It wasn’t that long ago that just about everyone said if you are looking to diversify or get out of cows, you should get into goats.
The market for these little milk makers, seemingly, had no where to go but up: major processors were expanding or adding product lines, consumption trends positive, and prices were good. Kingston was named as the site for a new mega-factory, being built by Chinese baby formula company Feihe International, and the plant promised a near doubling in demand for eastern Canada’s goat milk.
But, as with any free market, good times equate to more production, and now — similar to cow’s milk — the world is awash in supply. What’s more, there is talk that Canada’s latest trade deal with the U.S., the USMCA, could put the Kingston plant in jeopardy, though officials with the plant could not be reached for comment.
Dirk Boogerd, president of Ontario Goat and goat milk producer based near Embro, Ont., says that these are certainly challenging times for the goat dairy industry. Supplies have increased and prices have fallen, just as you would expect with supply and demand dynamics. Boogerd says that, as of right now, Ontario Goat has not been contacted by the Kingston plant’s representatives and he can’t say whether or not construction of the plant has stalled.
While Ontario producers are facing lower prices and uncertainty, the situation is worse across the border in Quebec. Several dairy goat producers there have been given 80 days’ notice that their contracts will not be renewed. A Quebec processor was contacted directly for a comment, but none was offered. Quebec media reports, however, that Saputo has cited quality and animal welfare concerns in its decision to not renew contracts, and is looking to Ontario for cheaper fluid milk. Co-operative Agropur is shuttering at least some goat milk processing, sources say.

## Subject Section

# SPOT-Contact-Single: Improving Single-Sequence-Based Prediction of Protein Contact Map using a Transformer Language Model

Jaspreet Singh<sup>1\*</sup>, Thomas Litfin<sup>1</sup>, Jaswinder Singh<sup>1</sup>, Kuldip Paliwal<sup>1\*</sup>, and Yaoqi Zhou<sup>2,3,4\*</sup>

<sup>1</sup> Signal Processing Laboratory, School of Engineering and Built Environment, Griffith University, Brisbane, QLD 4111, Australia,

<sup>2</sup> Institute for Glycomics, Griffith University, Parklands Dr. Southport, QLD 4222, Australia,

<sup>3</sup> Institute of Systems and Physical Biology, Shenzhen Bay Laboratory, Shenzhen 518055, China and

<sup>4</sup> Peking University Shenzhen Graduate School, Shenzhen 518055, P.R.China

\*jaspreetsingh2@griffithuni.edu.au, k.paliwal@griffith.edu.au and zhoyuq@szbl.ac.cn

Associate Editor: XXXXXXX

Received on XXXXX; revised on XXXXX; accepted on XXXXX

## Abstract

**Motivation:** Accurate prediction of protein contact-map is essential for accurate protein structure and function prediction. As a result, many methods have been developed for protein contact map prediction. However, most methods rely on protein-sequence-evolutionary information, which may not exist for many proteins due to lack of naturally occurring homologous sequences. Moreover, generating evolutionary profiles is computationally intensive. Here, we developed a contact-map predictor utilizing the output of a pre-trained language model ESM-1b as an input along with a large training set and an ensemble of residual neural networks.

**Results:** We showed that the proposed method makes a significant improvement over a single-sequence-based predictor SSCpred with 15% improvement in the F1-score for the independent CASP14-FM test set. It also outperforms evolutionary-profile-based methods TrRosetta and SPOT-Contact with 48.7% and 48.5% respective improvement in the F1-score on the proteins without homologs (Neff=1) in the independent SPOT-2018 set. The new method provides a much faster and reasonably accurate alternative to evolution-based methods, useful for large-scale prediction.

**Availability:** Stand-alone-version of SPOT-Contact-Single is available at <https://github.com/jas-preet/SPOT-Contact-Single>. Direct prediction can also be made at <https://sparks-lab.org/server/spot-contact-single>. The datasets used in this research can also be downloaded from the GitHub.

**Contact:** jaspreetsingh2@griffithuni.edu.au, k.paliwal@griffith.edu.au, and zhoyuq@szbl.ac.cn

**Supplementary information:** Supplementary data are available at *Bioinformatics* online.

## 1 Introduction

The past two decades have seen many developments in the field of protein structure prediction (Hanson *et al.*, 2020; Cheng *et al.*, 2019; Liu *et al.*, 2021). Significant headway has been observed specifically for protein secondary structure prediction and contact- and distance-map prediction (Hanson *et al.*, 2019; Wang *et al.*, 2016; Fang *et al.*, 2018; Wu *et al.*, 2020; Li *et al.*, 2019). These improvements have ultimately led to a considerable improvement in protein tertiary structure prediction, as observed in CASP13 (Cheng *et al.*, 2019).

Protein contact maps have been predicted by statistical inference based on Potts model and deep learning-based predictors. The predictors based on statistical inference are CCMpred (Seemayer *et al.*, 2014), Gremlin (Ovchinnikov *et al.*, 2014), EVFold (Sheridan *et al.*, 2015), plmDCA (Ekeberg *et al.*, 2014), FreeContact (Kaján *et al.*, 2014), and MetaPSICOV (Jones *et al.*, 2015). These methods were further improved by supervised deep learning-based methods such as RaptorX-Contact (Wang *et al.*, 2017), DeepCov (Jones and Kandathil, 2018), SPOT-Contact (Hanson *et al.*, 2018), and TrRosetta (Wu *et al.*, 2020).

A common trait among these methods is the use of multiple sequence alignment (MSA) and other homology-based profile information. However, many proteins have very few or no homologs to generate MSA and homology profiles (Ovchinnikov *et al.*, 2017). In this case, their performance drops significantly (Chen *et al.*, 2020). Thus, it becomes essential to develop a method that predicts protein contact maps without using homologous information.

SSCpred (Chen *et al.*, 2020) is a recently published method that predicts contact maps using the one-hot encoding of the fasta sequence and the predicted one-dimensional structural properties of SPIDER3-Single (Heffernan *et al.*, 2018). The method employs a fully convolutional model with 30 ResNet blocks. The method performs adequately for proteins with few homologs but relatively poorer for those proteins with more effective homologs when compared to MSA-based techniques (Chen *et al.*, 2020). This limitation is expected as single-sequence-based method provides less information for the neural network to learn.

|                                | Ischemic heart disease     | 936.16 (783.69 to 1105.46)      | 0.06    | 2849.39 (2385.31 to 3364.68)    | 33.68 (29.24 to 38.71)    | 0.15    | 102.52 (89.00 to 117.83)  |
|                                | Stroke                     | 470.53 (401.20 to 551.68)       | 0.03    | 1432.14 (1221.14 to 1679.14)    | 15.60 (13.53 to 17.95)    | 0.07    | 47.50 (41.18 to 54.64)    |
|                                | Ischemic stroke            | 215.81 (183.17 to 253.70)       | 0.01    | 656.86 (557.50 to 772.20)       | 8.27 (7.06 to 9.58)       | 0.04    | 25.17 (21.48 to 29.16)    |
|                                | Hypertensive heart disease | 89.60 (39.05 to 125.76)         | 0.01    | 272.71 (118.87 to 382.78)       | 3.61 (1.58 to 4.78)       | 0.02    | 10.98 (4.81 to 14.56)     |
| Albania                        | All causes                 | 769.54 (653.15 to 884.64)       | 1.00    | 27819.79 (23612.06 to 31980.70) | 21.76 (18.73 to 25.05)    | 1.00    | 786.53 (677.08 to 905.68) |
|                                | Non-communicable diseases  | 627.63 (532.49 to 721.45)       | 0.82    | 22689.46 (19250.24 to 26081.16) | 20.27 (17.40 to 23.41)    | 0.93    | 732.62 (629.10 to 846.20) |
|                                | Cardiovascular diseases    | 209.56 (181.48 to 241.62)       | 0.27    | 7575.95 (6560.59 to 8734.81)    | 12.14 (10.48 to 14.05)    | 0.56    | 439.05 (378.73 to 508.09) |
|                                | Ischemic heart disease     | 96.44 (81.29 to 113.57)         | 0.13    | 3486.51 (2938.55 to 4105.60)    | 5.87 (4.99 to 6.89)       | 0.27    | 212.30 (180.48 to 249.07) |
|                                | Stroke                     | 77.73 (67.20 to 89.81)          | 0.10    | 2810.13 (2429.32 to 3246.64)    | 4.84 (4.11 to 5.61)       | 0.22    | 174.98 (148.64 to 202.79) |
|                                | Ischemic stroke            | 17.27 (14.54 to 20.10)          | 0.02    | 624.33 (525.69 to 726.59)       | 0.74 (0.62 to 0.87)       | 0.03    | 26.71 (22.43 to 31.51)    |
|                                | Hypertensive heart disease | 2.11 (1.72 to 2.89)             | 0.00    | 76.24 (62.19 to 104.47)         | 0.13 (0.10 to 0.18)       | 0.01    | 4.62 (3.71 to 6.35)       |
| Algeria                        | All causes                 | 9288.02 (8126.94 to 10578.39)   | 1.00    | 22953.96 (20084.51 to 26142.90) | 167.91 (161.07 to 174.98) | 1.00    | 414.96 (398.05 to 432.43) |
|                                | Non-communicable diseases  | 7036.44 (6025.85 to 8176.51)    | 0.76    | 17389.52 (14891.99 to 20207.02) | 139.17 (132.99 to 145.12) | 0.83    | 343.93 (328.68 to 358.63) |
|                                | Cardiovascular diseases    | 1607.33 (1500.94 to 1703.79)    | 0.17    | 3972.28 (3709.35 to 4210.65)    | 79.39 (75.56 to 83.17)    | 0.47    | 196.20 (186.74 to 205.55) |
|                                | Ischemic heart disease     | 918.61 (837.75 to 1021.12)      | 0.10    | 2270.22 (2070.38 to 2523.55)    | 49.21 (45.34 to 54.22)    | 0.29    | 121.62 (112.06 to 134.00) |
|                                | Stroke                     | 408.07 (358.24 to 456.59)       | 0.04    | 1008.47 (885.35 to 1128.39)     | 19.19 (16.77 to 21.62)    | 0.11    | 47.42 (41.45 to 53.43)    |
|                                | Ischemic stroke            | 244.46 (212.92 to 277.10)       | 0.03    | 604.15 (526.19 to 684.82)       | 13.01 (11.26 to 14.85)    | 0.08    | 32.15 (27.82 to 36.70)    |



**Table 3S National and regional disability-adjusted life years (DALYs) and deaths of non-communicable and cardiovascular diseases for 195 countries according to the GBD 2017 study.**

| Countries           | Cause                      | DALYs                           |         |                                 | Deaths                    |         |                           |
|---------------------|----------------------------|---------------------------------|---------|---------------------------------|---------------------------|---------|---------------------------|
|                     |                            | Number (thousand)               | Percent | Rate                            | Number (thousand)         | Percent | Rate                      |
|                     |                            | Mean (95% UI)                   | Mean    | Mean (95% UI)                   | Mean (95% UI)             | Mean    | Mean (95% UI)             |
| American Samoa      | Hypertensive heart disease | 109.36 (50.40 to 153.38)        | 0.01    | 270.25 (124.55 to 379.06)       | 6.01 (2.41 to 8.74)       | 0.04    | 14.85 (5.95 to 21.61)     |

Boogerd can’t comment on what’s happening in Quebec, but he does say that Ontario Goat has been working hard to improve milk quality and raise animal welfare standards on all Ontario goat farms, through workshops and education.
While there are still plenty of reasons to be optimistic about this industry, Boogerd concedes that the ebb and flo of demand, prices, and contracts is simply a fact of life with open markets. That doesn’t make it any easier, of course, when trying to manage breedings and herd size in anticipation of market demands, but overall he’s still optimistic about the industry. “We’ve been through this before,” he says.
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